Adoption can be considered a mental process that begins when an individual or operation learns of an innovation such as sustainable practices and ends at the final adoption stage of certification, considered as allocation of resources toward implementation (Rogers, 1962). Barriers to adopting sustainable floriculture certification can be defined as factors that prevent growers from adopting a new technology, practice, or innovation (Wilkening, 1953). Examples of these barriers could include cost of technology, lack of incentive, lack of knowledge, age, level of education, and risk perceptions (Banerjee et al., 2008; Barreiro-Hurle et al., 2008; D'Souza et al., 1993; Gillespie et al., 2004; Hattam, 2006; Paudel et al., 2008; Ward et al., 2008).

A great deal of research has been conducted regarding the barriers to adoption in agricultural industries, including cow-calf (Ward et al., 2008), dairy (Paudel et al., 2008), cotton (Banerjee et al., 2008), seafood (Gillespie and Lewis, 2008), soybeans (Fernandez-Cornejo et al., 2005), rice (Annou et al., 2005), and hog production (Gillespie et al., 2004). Various studies have evaluated the adoption of new technology practices (Annou et al., 2005; Banerjee et al., 2008; Fernandez-Cornejo et al., 2005; Gillespie and Lewis, 2008; Gillespie et al., 2004) and factors affecting adoption of new practices (Paudel et al., 2008; Ward et al., 2008). Likewise, studies on the implications of certification programs in the food and lumber industries are expanding with several addressing adoption of certification systems (Bulut and Lawrence, 2007; Delmas and Grant, 2008; Fischer et al., 2005; Greene, 2001; Greene and Kremen, 2003; Lohr, 1998). However, this research is believed to be the first to address the adoption of sustainable floriculture certification by greenhouse growers.

Within the international floriculture industry, certification programs for environmentally friendly practices are still a relatively new phenomenon. In the mid-1990s, the European floriculture industry began developing certification programs to eliminate the anonymity of cut flower grower practices (Stewart, 2007). Today, eight floriculture certification programs exist internationally to promote environmental stewardship, or sustainable production, as well as fair trade and fair labor practices for employees (Bauer, 2007; Fair Labeling Organization International, 2008).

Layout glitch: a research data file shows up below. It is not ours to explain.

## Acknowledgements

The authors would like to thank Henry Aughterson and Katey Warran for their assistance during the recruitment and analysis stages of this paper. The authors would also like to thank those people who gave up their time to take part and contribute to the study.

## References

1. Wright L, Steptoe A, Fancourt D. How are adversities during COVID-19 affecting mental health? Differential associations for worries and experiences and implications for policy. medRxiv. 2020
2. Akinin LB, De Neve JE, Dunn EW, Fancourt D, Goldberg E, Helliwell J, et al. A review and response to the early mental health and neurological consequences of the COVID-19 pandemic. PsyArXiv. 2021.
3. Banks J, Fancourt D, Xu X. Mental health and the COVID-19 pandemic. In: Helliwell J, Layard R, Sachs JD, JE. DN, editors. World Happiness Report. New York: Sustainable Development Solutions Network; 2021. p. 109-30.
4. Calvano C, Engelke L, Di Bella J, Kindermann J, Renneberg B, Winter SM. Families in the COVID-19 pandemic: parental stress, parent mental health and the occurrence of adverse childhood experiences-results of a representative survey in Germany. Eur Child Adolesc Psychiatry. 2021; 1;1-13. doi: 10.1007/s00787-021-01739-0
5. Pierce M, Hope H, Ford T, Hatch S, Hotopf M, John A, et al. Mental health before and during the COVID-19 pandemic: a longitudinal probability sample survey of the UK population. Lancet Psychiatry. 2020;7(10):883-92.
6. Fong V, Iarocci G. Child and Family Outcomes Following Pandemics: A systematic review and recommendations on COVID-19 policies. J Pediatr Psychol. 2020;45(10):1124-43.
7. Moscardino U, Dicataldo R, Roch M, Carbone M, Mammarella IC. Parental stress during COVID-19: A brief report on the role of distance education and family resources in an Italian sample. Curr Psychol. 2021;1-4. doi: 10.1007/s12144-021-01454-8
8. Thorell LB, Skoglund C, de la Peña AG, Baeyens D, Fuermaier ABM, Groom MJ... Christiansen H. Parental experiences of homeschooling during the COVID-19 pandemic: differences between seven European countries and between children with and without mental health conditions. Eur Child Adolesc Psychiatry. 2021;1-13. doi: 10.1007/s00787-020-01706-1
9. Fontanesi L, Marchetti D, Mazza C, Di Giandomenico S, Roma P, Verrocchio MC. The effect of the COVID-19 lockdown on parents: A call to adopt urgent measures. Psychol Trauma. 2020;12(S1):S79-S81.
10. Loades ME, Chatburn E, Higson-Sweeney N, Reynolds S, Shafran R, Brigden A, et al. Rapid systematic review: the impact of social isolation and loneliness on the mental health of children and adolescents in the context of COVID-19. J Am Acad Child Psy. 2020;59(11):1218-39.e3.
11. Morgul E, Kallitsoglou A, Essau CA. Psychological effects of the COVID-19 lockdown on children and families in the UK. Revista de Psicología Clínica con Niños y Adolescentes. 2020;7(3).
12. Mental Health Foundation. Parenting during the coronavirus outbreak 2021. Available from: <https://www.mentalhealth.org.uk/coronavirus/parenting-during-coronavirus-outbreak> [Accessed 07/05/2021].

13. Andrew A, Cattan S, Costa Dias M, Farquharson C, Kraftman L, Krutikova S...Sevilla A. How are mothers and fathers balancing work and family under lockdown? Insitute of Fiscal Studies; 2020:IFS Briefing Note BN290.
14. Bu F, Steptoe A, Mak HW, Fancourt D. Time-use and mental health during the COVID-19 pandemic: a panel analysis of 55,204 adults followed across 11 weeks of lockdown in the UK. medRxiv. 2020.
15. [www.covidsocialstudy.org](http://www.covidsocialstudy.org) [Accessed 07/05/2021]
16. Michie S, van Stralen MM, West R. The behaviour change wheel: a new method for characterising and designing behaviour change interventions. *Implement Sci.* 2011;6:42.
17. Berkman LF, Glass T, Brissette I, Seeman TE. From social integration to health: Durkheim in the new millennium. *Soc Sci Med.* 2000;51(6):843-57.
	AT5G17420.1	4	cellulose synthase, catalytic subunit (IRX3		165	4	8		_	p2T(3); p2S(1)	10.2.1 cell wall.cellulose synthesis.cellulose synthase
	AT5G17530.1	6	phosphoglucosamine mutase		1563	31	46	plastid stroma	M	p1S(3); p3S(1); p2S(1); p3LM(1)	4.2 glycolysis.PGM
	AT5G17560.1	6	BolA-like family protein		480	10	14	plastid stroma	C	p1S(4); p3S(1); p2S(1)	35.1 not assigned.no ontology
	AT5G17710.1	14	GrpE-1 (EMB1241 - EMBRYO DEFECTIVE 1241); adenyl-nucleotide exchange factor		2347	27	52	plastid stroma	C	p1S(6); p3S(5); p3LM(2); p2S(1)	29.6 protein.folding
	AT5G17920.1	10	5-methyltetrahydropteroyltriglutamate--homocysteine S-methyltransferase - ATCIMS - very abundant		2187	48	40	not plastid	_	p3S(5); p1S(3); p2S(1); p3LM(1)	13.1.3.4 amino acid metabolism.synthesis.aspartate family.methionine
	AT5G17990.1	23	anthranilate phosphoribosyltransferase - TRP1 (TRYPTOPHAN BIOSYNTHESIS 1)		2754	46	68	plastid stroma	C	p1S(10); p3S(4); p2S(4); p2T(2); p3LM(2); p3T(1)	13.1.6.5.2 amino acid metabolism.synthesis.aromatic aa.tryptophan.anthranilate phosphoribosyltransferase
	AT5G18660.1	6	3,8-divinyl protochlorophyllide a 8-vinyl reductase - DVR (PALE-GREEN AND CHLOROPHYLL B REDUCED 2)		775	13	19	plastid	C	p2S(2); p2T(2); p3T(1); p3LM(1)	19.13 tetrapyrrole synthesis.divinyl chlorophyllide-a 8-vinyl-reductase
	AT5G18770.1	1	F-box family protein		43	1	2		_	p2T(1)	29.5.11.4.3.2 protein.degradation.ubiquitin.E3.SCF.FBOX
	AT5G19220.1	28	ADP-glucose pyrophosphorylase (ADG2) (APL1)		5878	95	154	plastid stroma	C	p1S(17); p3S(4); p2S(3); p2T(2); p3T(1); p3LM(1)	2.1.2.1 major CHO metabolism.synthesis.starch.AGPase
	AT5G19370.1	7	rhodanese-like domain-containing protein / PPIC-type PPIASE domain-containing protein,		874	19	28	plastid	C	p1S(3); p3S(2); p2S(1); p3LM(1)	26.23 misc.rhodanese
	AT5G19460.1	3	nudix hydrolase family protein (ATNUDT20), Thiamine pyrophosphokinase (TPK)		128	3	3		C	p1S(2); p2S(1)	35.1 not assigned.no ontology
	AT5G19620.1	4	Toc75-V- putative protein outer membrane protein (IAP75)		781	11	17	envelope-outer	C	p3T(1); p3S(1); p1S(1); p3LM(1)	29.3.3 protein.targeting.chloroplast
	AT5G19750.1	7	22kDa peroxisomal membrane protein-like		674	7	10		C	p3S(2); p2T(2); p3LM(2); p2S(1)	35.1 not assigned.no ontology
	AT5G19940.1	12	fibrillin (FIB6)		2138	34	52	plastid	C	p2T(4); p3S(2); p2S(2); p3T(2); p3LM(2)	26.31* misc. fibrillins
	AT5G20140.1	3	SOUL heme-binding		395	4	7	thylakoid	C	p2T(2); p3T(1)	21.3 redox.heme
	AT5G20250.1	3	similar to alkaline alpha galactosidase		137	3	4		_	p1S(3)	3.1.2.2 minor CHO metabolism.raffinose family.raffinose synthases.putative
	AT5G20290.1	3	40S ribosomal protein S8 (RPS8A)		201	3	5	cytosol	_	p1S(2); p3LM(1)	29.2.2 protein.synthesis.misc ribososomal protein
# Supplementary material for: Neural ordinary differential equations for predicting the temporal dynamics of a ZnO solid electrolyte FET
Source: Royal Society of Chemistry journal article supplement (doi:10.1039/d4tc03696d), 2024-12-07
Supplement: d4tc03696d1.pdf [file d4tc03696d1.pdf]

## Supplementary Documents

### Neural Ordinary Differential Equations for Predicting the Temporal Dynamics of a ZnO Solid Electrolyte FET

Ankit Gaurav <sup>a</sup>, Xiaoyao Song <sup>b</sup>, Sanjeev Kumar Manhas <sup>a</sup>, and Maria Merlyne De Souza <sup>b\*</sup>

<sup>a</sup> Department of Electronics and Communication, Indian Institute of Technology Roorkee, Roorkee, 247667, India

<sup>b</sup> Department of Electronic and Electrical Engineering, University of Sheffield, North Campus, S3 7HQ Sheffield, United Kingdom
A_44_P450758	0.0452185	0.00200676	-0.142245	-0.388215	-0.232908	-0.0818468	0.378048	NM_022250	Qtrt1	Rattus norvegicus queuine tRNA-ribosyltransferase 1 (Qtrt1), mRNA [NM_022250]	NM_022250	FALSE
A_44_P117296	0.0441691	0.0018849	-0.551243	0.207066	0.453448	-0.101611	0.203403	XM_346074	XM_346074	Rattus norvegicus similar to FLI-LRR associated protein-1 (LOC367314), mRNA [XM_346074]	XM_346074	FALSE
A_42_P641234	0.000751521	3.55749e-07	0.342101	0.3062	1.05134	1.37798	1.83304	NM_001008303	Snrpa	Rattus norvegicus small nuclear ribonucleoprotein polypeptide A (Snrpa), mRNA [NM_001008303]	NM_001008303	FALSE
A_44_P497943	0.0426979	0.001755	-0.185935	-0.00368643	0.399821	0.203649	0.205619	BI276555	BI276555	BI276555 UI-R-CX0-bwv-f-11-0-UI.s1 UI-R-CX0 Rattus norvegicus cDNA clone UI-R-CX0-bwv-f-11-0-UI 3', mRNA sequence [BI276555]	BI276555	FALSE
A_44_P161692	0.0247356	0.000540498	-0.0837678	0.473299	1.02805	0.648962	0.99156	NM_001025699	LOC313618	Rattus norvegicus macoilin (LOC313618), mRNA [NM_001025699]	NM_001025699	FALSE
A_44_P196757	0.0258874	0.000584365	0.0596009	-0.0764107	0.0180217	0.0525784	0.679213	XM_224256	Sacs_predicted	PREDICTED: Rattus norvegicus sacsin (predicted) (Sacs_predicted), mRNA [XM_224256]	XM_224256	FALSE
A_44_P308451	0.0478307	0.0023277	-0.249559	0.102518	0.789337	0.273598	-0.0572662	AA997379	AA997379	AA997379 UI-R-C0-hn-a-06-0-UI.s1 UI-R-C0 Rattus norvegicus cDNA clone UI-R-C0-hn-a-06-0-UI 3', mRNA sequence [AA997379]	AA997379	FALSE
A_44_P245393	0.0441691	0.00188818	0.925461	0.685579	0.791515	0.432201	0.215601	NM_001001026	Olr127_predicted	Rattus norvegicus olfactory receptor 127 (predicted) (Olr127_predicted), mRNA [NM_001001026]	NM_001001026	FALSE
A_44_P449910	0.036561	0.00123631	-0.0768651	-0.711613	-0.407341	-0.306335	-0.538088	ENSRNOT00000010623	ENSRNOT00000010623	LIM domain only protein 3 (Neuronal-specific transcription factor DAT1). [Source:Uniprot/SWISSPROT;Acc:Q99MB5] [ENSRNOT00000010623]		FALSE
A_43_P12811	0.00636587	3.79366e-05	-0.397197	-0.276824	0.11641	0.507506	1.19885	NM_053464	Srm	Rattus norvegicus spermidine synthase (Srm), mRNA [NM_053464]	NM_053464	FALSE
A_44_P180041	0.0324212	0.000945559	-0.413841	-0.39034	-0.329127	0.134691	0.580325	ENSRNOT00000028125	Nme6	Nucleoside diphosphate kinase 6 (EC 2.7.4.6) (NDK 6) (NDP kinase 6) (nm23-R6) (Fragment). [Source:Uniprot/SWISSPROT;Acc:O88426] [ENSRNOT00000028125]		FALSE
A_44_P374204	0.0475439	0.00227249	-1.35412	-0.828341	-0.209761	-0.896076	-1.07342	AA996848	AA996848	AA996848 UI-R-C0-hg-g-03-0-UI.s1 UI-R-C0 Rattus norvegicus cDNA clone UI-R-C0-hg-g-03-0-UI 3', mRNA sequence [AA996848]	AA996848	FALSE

In the United States, the presence of certification programs for floriculture products are very recent. The Veriflora® program began certifying operations in 2007 and Milieu Project Sierteelt (MPS) certified their first operation in 2008 (Milieu Project Sierteelt, 2009; Veriflora®, 2009). Veriflora® and MPS offer similar services to customers but differ in their certification processes. Located in the United States, the Veriflora® certification program is for growers and handlers of fresh cut flowers and potted plants and evaluates each operation based on its environmental, economic, and social sustainability as well as product integrity (Veriflora®, 2009). Based in The Netherlands, MPS targets entrepreneurs in the floriculture, bulb, nursery stock, and vegetable sectors (Milieu Project Sierteelt, 2009).

The steps taken by the growers to become certified and how the growers are “graded” on their sustainable practices also differ between Veriflora® and MPS. Veriflora® focuses on eight categories for certification: sustainable crop production, ecosystem management and protection, resource conservation and energy efficiency, integrated waste management, fair labor practices, community benefits, product quality, and product safety and purity (Veriflora®, 2009). MPS' approach to certification is based on four categories: crop protection agents, waste, energy, and fertilizers (Milieu Project Sierteelt, 2009). MPS' approach only evaluates the production aspect of the business, whereas Veriflora® also examines the treatment of workers and the business' impact on the community.

Sustainability and sustainable floriculture certification is a new development in the floriculture industry; therefore, peer-reviewed research on this topic is limited. The objective of this study was to determine existing barriers to the adoption of sustainable floriculture certification by greenhouse growers, including growers' perceptions on how certification will affect the operation's economic viability, risk of sustainable production practices, prior sustainability experience, demographic variables, and customer types. To our knowledge, previous studies have not looked at the influence of customer type on a grower's decision to become certified.

Materials and Methods

A national convenience sample of floriculture growers was surveyed between June and Oct. 2008. Identical surveys were administered in three ways: in person, by mail, and through the Internet. These multiple outreach methods were developed to improve the response rates of the survey, because research has shown that repeated contact improves response rate (Dillman, 2007).